Every day after lunch, my friends and I would be the first in line to run outside the double doors leading from the lunchroom to the playground. We had an enormous school yard, and we used it. Unfortunately, kids today aren't always getting the same experience. More and more schools seem to be doing away with recess and outside time, but all the things that happen to kids when they don't get recess seem like a really big deal. Turns out, a lack of recess can have a big effect on your kids.
According to the American Academy of Pediatrics (AAP), recess is a crucial part of a child's day. It's both a gateway to better health and learning by allowing children unstructured play time to develop key social and physical skills, as well as providing them with an outlet to expend excess energy created in the classroom. The AAP notes that with the decline in recess because of the current focus solely on the academic areas of education, students are being done a disservice by the adults caring for them.
Why the cuts? With No Child Left Behind, schools in the United States were mandated to administer several levels of standardized testing, along with a new curriculum, and faced a dilemma — do you study for the tests, or do you let the kids play? It began to be an all-or-nothing, no-win situation, and by 2006, around 40 percent of schools had drastically reduced or eliminated recess entirely, according to The Washington Post.
What does this do to kids? What happens when kids don't get enough recess? According to a study completed by the University of Rochester, students who don't receive adequate play time in their day are likely to experience retarded growth in their cognitive, physical, and psychosocial development. In their study, they found that children who weren't receiving an appropriate amount of recess showed declines in their understanding of social structure, emotional development, language, and had weaker coping mechanisms, overall. The researchers stated that, "the development of social competence is a vital preparatory task during childhood and adolescence, and is linked to future social, academic, and vocational success."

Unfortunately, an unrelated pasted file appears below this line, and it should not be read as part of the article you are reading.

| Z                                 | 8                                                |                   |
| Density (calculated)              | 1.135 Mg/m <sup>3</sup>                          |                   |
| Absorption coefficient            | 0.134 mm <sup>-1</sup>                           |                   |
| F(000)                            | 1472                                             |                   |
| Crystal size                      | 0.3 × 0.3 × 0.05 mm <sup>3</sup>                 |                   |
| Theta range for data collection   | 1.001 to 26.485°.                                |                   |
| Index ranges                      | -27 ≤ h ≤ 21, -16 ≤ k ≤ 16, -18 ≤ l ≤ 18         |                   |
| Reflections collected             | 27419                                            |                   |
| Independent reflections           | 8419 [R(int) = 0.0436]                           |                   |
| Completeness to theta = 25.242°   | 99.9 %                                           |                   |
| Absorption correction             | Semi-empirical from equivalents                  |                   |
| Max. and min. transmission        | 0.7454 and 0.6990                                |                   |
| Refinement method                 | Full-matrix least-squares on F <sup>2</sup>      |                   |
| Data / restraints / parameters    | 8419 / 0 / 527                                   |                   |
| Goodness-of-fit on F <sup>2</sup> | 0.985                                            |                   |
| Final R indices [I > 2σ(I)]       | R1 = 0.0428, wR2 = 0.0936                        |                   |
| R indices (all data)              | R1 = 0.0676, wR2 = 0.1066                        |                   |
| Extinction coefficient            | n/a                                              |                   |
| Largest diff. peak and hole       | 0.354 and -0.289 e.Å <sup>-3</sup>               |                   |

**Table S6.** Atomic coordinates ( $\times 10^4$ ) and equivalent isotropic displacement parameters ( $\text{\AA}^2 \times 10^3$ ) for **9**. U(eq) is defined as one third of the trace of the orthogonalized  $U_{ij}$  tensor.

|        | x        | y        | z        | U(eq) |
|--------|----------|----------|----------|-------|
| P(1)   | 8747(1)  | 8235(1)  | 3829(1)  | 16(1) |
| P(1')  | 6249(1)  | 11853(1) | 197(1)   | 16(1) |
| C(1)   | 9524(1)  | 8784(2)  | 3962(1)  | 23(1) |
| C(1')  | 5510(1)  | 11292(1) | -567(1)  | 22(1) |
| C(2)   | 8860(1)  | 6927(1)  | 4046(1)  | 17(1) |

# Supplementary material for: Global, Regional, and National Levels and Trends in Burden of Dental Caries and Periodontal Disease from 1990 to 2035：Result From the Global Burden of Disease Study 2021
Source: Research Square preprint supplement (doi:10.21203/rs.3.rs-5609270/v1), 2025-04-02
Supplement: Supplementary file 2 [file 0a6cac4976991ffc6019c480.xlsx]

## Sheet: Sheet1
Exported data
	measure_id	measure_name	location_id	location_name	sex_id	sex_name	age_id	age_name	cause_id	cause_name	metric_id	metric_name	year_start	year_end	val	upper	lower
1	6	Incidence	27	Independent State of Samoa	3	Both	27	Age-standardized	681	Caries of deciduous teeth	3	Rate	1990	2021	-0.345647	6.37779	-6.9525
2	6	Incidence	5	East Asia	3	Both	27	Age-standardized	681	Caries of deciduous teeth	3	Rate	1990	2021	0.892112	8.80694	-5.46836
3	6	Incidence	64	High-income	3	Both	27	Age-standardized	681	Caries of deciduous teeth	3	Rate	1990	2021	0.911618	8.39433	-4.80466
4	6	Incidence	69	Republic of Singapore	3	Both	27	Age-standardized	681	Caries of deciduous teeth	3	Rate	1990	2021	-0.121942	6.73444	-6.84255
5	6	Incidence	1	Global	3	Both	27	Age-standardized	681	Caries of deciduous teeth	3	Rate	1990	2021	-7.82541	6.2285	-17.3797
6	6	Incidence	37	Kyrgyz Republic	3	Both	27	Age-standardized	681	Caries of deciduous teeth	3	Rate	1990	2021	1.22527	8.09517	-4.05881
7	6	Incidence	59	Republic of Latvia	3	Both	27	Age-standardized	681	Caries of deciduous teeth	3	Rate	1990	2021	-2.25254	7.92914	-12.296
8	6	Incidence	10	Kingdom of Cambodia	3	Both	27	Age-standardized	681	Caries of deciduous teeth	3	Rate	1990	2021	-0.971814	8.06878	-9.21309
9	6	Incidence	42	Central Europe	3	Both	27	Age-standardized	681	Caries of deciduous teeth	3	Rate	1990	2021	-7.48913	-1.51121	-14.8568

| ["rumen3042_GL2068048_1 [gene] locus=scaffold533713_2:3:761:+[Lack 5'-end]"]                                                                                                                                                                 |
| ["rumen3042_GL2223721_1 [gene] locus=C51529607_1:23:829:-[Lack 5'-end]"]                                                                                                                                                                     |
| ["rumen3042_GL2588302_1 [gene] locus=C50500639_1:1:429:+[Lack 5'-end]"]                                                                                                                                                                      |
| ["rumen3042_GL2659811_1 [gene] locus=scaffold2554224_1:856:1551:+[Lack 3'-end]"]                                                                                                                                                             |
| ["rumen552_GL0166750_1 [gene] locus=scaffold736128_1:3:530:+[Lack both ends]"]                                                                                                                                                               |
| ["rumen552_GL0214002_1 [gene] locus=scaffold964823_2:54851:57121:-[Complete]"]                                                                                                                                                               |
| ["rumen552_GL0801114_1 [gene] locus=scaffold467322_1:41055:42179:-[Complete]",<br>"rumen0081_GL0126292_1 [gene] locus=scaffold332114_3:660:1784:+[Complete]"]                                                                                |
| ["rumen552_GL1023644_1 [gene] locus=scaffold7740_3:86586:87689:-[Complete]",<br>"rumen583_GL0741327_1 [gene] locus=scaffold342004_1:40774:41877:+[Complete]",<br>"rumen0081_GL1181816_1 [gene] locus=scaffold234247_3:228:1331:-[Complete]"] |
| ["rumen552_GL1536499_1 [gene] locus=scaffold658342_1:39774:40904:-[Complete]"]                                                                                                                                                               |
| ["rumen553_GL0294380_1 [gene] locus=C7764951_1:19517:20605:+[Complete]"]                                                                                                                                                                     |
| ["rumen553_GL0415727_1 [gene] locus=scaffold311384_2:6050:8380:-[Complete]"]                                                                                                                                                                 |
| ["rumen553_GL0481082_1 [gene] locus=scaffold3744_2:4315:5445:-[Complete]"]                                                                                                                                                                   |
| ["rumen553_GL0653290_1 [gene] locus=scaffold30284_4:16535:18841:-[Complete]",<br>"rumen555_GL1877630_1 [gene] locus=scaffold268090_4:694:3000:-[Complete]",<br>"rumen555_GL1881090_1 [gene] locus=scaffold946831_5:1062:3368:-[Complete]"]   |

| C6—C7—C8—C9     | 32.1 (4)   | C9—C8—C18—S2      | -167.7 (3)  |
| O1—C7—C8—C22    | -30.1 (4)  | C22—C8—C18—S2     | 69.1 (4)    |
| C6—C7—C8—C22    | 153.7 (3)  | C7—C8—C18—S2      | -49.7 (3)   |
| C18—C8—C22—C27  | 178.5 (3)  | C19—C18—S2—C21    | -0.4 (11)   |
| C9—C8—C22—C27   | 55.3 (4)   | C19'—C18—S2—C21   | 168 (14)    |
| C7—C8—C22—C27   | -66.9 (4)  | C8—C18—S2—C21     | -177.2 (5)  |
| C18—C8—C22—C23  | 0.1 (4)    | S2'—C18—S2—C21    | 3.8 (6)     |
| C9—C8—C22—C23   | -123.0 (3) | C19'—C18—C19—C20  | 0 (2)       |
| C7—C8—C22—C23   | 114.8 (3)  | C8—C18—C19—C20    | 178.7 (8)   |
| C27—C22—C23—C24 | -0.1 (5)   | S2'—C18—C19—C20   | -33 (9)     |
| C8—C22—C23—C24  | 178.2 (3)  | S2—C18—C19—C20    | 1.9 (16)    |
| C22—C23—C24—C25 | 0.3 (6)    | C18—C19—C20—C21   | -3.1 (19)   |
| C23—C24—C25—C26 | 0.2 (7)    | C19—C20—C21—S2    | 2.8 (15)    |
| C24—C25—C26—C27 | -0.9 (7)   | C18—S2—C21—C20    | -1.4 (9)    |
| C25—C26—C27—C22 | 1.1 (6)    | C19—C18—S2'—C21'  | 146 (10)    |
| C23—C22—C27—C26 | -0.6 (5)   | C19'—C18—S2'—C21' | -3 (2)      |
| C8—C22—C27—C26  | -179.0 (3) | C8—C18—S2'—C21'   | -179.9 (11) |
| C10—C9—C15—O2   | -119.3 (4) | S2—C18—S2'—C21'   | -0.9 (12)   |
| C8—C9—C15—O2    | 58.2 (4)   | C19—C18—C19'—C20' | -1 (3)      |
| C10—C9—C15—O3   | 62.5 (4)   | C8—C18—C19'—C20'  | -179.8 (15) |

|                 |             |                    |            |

Low-income areas have been affected the most by the cutbacks to recess. According to Stanford University, recess is especially crucial in low-income areas because it leads to children feeling safer and more engaged with their learning. It is also a strong contributing factor to a positive school climate in areas where this is often in short supply. It improves attendance and is linked with better overall academic outcome later in life.
New York City playground and recess advocate, Vicki Stottemeyer, tells Romper in an interview that the time given for recess just isn't enough. "The average New York City elementary school student receives just 20 minutes of recess per day, often the only physical activity the child receives all day, especially if they live in neighborhoods with high crime or gang involvement." I know that my own children, who attend public schools in New York City, tell me that their recess is canceled frequently, and that 20 minutes is generous. My son tells me that by the time they all line up, get ready, and go out, they barely spend any time playing before they're lining up again to get back inside.
I understand my son's not the most reliable judge of time (no 9-year-old is), but, having spoken to his principals, and the school advocate about this, I can tell you that it's true. There's very little time spent in actual play. For kids like my son who have severe ADHD, that time is crucial to their ability to cope with the rest of the work day.
Thankfully, there's a real push to end this. In fact, there's a new pilot program in Texas where students are going out for recess four times per day in hopes to improve academic achievement and student health. The LiiNK Program hopes to inspire children to become more engaged, active, and dynamic students through mandated, unstructured play time throughout the day.
While it's early days, the rising chorus in the fields of child psychology and pediatrics calling out for increased recess and greater funding for equipment and supervision shows that the tide is shifting, and perhaps now our children will be given more opportunities to play and be kids in-between studying for the math and reading tests.